Yeon-Sik Hong is tired of living in the city and dealing with the noise, pollution, and the demands from his editors. So he and his wife, Sohmi Lee, find a small house atop a rural mountain and move to the country for the quiet life. And so begins their memoir of a time and a place unlike anything they’ve ever known before. With their dogs, cats… and chickens… and tourists. And…. well it turns out that living in the country isn’t as quiet or peaceful as they thought it would be. They face problems with money, other people, failing health, but more importantly Yeon-Sik is forced to face some of his own personal demons.

Reading Uncomfortably Happily is like starting out on a trip with someone you love. There’s a lot of work up front to get packed and get ready, but once you’re past that, it’s smooth sailing. Well, until you make a wrong turn. Or the place you’re going to is closed. Or the weather turns bad. Or… well all of those little things rear their head and make a journey less comfortable than what we imagine it’ll be. And that’s what this book is like.

You start with the cover image, where the couple looking happy and everything is great. But that’s deceptive, as Yeon-Sik shows every detail of what he and his wife go through with leaving the city and their journey of living in the country. Yeon-Sik doesn’t show us just the big “traumatic” moments, like where the dog kills off the chickens a couple at a time or the problems he has with his health, which are rather significant. He shows us the little bumps in the road as well. And that’s what makes this story: the little moments along the way. The paying of the bills, making trips into the city, almost freezing to death, and everything in between. It’s these moments that help the reader understand where the author is coming from, because who among us hasn’t felt those small bumps in the road that feel like a mountain when they happen? More important, though, Yeon-Sik is forced to face some of his own problems and realize that maybe he caused some of them himself. Yeon-Sik realizes that a lot of his health problems were brought about because he couldn’t give up control—control of being the breadwinner, control over time frames, control over life. As a result his health begins to fail and he is constantly sick and under the weather, even to the point where he can’t work. It’s only when his wife, an artist in her own right, begins to earn money, begins to take charge, that he realizes he has to give some, too. It makes a compelling story, bumps and all.

Yeon-Sik’s artwork seems to be heavily influenced by Japanese creator Osamu Tezuka’s legacy, but at the same time Yeon-Sik is forging his own style. The people are highly stylized, with simple shapes and features, and this even extends to some of the animals, such as the dog that, in some scenes, is dancing on two feet. A great deal of attention is often paid to their expressions, particularly the eminata –the droplets of sweat, radiating lines for stress, etc. Yeon-Sik though never goes full on chibi or manga style, it’s his own blend of what he finds works, which at times does create some issues. He’s not always consistent with the way the animals are portrayed and while it’s done to indicate different transitions—the dog being attacked, the chickens being dead—it might leave some readers wondering if it’s still the same character as before. The full body view of the two main characters, Yeon-Sik and Sohmi, are also not always consistently drawn, sometimes lapsing into a gingerbread shape. It doesn’t affect the reading of the story, it’s just a very odd juxtaposition sometimes. Yeon-Sik also follows the example of Tezuka for the backgrounds, as they are often more detailed than the characters which can be enjoyable to look at during the course of the book.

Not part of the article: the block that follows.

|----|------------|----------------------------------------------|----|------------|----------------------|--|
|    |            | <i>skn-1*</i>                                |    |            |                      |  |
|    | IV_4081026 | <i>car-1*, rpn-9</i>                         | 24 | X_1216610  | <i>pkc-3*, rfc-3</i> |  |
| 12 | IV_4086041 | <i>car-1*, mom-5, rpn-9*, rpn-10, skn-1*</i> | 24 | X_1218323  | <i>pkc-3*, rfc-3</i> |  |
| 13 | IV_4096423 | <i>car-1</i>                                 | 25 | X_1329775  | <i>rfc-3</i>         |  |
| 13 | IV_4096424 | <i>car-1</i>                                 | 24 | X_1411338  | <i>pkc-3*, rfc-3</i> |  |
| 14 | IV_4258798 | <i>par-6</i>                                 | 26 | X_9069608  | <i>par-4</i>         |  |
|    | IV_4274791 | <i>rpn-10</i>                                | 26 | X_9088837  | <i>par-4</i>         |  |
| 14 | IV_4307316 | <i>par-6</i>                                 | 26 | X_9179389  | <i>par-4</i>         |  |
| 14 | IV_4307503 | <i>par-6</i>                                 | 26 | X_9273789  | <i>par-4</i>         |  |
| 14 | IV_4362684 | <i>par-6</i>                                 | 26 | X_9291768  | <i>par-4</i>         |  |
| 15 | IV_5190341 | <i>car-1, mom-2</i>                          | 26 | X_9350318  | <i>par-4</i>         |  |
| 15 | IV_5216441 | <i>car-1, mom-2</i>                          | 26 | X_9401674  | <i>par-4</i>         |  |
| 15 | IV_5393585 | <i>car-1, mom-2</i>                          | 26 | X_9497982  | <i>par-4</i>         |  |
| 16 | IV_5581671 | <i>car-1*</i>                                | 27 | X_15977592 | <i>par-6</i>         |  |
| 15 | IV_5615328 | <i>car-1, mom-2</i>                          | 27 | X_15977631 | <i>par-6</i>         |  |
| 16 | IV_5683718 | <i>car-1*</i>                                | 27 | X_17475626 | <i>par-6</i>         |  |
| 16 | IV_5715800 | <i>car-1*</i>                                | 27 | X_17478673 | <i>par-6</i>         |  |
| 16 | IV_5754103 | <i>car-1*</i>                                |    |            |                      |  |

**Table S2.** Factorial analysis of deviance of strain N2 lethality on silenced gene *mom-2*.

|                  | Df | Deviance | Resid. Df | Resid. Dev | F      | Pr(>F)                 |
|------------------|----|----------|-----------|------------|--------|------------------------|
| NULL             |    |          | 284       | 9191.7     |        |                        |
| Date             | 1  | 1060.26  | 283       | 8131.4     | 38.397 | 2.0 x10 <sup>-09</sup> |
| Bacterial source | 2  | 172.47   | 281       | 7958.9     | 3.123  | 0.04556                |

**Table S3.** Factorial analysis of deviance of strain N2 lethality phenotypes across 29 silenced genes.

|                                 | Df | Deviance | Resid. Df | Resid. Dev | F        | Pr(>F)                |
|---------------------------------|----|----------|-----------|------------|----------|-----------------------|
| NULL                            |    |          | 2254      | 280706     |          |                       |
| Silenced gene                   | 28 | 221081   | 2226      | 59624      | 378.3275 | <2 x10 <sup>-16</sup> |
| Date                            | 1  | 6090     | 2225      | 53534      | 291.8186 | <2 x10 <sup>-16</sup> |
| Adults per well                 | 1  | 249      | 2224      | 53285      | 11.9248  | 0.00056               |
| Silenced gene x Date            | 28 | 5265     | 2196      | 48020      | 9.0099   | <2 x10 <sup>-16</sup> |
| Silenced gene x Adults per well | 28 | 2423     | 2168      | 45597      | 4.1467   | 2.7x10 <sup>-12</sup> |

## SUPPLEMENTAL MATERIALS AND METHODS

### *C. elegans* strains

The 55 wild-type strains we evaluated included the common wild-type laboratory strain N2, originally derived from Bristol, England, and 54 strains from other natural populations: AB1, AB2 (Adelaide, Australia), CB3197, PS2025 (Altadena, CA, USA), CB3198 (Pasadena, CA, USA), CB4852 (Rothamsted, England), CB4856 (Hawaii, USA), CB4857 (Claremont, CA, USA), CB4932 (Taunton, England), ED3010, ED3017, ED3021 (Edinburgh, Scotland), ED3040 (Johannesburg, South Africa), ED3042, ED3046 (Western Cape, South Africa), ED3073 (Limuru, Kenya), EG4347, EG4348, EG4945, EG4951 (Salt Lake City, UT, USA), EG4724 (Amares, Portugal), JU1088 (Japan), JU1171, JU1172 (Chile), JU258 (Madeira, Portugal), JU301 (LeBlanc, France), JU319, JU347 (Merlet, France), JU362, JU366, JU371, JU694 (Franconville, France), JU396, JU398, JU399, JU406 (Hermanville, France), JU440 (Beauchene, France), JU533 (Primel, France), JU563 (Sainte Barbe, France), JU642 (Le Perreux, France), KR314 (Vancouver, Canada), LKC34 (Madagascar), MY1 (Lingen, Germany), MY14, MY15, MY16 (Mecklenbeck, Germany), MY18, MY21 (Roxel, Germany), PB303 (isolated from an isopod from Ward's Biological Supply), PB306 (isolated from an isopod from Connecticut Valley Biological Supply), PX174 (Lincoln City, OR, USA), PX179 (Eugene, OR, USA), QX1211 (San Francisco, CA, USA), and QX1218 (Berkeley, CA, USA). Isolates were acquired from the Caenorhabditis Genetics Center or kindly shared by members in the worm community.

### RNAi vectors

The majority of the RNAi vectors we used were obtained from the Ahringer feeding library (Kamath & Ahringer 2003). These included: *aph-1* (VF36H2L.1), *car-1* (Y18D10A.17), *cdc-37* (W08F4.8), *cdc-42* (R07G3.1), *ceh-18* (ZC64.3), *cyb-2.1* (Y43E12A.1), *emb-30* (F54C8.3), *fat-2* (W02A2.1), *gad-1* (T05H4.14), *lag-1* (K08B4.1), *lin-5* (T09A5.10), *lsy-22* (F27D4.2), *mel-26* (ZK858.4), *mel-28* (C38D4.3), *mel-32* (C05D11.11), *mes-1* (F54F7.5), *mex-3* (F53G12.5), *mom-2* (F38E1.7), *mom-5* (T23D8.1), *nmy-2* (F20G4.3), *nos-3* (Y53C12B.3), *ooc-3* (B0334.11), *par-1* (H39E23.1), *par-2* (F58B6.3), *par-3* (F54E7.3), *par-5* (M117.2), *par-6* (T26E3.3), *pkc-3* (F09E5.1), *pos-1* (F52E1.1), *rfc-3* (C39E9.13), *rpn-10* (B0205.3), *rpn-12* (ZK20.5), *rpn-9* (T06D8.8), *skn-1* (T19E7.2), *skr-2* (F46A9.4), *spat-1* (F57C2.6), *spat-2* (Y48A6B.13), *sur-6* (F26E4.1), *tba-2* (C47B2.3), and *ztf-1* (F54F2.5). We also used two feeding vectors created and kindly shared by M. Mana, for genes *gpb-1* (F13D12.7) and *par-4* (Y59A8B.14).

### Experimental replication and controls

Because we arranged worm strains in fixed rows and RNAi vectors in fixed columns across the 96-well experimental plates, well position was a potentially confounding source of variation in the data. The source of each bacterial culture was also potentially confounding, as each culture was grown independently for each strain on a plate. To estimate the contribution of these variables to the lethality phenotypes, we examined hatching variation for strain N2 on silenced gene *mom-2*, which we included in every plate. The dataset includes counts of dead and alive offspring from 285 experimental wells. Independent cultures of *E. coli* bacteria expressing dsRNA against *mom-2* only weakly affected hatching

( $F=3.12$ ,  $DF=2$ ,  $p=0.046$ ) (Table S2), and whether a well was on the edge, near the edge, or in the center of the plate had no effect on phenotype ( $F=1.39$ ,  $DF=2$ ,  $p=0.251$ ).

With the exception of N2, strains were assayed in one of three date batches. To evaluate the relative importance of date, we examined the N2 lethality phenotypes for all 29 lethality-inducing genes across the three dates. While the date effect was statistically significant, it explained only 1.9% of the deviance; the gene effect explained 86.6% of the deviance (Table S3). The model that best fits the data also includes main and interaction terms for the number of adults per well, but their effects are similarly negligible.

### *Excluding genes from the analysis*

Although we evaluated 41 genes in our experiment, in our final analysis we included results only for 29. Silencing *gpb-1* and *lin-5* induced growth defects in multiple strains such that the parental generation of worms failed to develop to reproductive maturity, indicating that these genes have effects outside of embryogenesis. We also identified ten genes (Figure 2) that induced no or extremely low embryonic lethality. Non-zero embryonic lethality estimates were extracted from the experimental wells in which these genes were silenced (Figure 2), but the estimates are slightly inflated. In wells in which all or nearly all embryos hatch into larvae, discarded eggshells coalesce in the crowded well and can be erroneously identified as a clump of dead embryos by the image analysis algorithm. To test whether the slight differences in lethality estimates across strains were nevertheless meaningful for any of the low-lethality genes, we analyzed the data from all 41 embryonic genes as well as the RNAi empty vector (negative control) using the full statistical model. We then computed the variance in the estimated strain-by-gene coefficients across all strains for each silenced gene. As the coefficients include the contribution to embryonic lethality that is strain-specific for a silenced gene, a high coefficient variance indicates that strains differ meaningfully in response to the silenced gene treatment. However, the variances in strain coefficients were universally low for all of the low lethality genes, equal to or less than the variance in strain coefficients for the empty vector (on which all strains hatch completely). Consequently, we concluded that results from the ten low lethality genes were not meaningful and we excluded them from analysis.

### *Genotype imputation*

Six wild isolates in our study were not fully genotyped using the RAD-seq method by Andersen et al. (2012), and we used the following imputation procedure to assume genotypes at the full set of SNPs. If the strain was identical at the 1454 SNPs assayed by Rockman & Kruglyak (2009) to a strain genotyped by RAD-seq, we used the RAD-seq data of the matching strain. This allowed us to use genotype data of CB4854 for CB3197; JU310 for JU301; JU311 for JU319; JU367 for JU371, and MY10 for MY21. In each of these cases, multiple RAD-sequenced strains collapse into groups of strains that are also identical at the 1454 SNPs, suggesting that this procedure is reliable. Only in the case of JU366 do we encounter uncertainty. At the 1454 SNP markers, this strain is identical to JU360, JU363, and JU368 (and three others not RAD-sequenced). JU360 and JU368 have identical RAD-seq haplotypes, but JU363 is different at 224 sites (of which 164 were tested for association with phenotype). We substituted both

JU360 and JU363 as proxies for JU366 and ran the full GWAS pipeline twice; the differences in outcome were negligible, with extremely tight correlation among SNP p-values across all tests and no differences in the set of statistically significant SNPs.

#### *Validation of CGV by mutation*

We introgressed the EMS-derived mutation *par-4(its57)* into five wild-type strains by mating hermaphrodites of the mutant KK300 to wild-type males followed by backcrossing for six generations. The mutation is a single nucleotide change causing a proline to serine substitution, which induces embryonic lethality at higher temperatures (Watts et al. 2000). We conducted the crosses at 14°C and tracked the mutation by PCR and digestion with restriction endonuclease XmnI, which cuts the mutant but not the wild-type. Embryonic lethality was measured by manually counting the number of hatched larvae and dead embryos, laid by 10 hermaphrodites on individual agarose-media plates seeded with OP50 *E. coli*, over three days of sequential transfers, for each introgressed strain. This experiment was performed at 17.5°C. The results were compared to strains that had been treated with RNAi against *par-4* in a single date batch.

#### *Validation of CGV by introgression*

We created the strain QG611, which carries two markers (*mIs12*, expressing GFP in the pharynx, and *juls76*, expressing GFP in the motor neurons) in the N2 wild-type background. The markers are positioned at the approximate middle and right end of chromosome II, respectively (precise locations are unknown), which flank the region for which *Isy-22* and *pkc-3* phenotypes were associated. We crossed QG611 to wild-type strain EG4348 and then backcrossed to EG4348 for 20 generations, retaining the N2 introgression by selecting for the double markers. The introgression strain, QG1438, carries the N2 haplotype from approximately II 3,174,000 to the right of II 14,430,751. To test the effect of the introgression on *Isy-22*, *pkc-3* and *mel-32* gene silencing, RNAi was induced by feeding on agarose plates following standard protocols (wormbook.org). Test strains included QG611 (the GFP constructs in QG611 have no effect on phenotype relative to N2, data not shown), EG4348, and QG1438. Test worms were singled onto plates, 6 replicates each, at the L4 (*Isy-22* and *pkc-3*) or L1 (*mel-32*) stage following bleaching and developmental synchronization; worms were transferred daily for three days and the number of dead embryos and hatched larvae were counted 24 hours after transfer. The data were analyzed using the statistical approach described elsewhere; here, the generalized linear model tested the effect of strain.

Overall, this is an enjoyable read to see how someone else lives and to better understand what it’s like in another country. But more importantly, it helps the reader see how alike things are despite our differences. Recommended for fans of Buddha by Tezuka and Persepolis by Marjane Satrapi.

Uncomfortably Happily
by Yeon-Sik Hong
ISBN: 9781770462601
Drawn and Quarterly, 2017

  • Dani Shuping

    Past Reviewer

    This reviewer is not longer actively working on our site, but we would not be here if not for our many dedicated contributors over the years. We thank all of them for their reviews, features, and support! Dani Shuping is currently a wandering librarian looking for a home. She has been involved in libraries for over nine years and and has had an interest in graphic novels since before that time. Dani began the graphic novel collection at Mercer, works with an English professor from time to time on a class on graphic novels, and just recently started a graphic novel book discussion group. She love attendings comic conventions, especially the smaller ones when they can, and one day may just have a comic of their own. Dani can be found at and goes by the user name ashuping where ever they can, such as on Twitter: @ashuping.

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